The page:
Planning for an uncertain future

While it’s been a challenging year, creating a forecast for different scenarios can help a business owner get a handle on the uncertainty. (MC)
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Since 2020 has been such a challenging year, I want to share my thoughts about how as CEO, you might want to conduct your strategic and operational planning process.

No one can predict with any certainty what will happen in the next 6 to 24 months. Ignore both noise and distractions; rely on your own leading trip wire indicators for your company.

First, I recommend planning for the worst. Meaning, your first scenario should be a worst case scenario. What does that look like?

Assume that any loans you have from your bank will be called in; your biggest customers drop you as an approved supplier; your customers drag out payments well beyond acceptable payment terms; your key suppliers / vendors slow down shipments and require payment in advance before delivering; and, key employees depart.

I do not want to spread doom and gloom but here are some interesting observations you should consider:

Airlines are down 80% to pre-pandemic levels; that industry is a leading indicator of many business facing industries (dining, car rentals, lodging, conventions, trade shows, events)

Various industries have seen dramatic changes and swings in demand, both up and down

Government funding has dried up; it is uncertain if additional support will come and if it does, how much and it what form

Companies are finding that, mostly, “stay at home” workers are more productive

Nearly 70% of our economy is consumer based spending; some companies (hotels, motels, bars, restaurants, retail, clothing, and entertainment) will likely go out of business as weddings, religious ceremonies, anniversary and birthday parties, and even corporate events become virtual if they are held at all

In short, uncertainty and volatility are at extremely high levels, and will remain that way for at least another 18 to 24 months.

A worst-case scenario paints a picture for the CEO of what the bottom looks like. You may not be there now and you many never get there but you need to understand what it looks like and what you will need to do if you ever find yourself on the way there.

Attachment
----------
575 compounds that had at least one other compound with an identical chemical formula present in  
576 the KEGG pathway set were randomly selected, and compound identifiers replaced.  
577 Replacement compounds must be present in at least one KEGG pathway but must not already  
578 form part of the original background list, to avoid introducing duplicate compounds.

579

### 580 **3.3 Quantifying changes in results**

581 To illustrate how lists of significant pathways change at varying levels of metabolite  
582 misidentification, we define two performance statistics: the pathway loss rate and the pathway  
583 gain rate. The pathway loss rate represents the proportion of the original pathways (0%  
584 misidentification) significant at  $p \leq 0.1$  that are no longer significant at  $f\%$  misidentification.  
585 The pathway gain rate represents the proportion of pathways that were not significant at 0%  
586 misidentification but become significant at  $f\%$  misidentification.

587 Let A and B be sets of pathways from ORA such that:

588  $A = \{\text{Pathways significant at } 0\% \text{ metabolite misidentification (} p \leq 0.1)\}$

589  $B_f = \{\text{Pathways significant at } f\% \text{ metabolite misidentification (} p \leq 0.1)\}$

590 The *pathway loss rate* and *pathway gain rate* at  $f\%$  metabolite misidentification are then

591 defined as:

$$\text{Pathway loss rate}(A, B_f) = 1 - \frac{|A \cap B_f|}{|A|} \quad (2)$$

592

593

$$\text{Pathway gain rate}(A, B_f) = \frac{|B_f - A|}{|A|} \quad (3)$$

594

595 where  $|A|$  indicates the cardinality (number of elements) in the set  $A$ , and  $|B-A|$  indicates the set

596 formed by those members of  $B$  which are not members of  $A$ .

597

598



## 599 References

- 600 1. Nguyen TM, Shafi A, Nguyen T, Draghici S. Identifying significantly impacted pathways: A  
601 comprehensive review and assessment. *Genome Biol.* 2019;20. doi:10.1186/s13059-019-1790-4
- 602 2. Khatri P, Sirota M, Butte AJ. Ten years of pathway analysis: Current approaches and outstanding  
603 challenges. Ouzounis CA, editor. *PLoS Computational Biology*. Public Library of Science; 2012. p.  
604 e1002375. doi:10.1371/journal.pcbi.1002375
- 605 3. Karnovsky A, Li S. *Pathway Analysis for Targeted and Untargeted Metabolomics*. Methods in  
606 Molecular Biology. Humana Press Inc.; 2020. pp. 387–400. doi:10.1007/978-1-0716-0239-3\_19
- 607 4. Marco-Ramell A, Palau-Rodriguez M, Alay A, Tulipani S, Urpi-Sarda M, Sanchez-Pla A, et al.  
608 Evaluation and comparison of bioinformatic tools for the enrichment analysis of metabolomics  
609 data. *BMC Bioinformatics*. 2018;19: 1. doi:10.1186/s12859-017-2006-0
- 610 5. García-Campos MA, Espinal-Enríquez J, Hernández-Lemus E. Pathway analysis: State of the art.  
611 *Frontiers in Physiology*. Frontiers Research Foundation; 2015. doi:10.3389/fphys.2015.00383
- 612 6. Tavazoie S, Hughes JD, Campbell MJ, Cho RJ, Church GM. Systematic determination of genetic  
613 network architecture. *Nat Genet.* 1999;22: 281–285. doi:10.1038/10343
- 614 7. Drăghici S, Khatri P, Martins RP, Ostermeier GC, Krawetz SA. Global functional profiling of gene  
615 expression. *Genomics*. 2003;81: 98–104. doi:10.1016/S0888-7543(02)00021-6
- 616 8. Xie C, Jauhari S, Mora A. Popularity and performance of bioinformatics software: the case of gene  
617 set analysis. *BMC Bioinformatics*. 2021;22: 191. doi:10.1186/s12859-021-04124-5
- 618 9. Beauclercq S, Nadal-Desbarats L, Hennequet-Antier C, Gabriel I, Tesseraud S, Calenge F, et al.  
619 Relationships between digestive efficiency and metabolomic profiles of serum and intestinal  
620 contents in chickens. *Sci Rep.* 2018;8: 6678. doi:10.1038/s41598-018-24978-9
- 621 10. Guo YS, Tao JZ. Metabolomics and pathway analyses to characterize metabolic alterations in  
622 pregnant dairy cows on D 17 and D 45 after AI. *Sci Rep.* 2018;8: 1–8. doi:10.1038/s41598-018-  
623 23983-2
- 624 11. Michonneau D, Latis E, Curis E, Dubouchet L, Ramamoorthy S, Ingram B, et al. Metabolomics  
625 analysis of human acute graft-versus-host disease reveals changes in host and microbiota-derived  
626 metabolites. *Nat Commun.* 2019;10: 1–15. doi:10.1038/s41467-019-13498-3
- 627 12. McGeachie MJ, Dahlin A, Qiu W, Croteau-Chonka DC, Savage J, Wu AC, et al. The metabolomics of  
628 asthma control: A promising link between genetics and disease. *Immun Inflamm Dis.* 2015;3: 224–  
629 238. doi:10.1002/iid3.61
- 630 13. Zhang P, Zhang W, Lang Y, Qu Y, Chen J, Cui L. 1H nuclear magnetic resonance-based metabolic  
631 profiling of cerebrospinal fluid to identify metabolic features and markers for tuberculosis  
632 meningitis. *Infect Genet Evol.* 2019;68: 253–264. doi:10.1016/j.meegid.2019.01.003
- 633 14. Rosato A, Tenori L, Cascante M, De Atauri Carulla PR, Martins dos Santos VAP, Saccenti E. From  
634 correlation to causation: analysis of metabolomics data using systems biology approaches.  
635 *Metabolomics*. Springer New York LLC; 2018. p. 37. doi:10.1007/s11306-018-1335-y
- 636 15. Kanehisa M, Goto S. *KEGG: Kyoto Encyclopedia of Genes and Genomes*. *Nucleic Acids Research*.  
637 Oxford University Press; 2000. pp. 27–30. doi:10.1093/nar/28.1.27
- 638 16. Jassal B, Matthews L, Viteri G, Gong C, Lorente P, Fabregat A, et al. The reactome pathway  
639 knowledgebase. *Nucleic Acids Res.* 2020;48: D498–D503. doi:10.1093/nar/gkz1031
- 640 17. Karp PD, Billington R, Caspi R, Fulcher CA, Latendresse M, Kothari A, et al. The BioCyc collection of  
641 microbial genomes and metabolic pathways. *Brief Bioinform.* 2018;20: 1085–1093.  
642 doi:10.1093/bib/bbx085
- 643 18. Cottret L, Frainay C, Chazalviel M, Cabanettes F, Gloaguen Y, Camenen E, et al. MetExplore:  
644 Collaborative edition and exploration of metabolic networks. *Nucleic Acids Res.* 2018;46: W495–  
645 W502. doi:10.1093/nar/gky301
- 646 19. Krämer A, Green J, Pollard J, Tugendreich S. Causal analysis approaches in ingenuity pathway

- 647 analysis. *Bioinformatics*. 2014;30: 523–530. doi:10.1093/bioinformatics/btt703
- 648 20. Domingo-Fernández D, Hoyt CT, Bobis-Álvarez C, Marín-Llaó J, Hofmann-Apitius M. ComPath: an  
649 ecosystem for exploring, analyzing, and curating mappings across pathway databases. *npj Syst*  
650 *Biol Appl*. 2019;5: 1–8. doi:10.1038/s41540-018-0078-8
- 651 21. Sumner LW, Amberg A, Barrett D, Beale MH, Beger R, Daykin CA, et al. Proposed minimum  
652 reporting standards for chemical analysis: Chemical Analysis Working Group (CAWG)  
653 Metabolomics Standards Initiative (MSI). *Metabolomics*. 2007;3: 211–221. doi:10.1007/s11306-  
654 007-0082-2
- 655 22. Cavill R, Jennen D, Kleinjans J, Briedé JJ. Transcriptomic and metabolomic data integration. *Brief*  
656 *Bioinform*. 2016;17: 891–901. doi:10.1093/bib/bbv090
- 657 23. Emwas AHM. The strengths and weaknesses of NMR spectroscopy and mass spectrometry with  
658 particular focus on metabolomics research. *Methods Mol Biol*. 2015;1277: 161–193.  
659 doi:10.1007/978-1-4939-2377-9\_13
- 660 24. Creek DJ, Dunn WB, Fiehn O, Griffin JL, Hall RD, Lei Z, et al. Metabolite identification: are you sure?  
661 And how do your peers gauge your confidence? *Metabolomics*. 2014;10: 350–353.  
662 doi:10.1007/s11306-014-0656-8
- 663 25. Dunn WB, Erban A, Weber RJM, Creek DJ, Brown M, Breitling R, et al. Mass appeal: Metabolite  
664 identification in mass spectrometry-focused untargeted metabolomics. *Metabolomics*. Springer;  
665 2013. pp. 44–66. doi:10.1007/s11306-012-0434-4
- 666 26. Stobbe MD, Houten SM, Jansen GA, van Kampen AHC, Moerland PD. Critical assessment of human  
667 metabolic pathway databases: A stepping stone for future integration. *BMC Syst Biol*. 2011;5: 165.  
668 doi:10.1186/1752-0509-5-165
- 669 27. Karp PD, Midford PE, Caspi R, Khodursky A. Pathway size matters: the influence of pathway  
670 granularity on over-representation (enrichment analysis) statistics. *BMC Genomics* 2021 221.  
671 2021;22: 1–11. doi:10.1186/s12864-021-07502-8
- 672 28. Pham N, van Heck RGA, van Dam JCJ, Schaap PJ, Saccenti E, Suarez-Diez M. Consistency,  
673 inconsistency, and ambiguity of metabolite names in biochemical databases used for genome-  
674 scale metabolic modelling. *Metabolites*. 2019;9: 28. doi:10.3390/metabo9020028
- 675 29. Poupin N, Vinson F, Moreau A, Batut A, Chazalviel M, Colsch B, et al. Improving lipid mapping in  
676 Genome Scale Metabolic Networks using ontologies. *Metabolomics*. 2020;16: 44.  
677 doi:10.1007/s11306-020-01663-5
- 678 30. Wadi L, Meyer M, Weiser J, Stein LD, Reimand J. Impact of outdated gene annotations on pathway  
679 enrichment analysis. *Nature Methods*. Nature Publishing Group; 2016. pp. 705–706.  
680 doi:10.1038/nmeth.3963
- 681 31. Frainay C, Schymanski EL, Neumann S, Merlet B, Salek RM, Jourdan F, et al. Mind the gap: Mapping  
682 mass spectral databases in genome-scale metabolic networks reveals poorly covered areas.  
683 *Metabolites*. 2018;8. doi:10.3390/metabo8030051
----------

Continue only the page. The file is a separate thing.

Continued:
Second, I recommend creating a two-year, go-forward revenue forecast. Start with the worst case, then create the best case, then develop the most-likely case scenario.

How do you do this? You first identify the key assumptions for each scenario. As an example, for my manufacturing companies, I have recommended creating different plans based on the possible time frames that Boeing and Airbus will turn on the growth spigot again. 

Following crafting the assumptions, create building blocks of your different revenue streams. As you go through this process you need to set “trigger points” that will require additional actions if things happen, or don’t. To make it easy, the trigger points can be laid out in a “If this, then that …” format.

Third, your future is totally dependent on your clients. Make certain that you have a clear and concise plan for staying in touch with those buying from you. Ideally, you want to understand what their strategies are and what their forecasts look like. Focus on building stronger relationships.

Finally, don’t forget about “new cheese.” In times of uncertainty there are opportunities to land new clients. Don’t be afraid to pick up the phone and call prospective clients.

 Ken Keller is an executive coach who works with small and midsize B2B company owners, CEOs and entrepreneurs. He facilitates formal top executive peer groups for business expansion, including revenue growth, improved internal efficiencies and greater profitability. Email:[email protected]. Keller’s column reflects his own views and not necessarily those of the SCVBJ.

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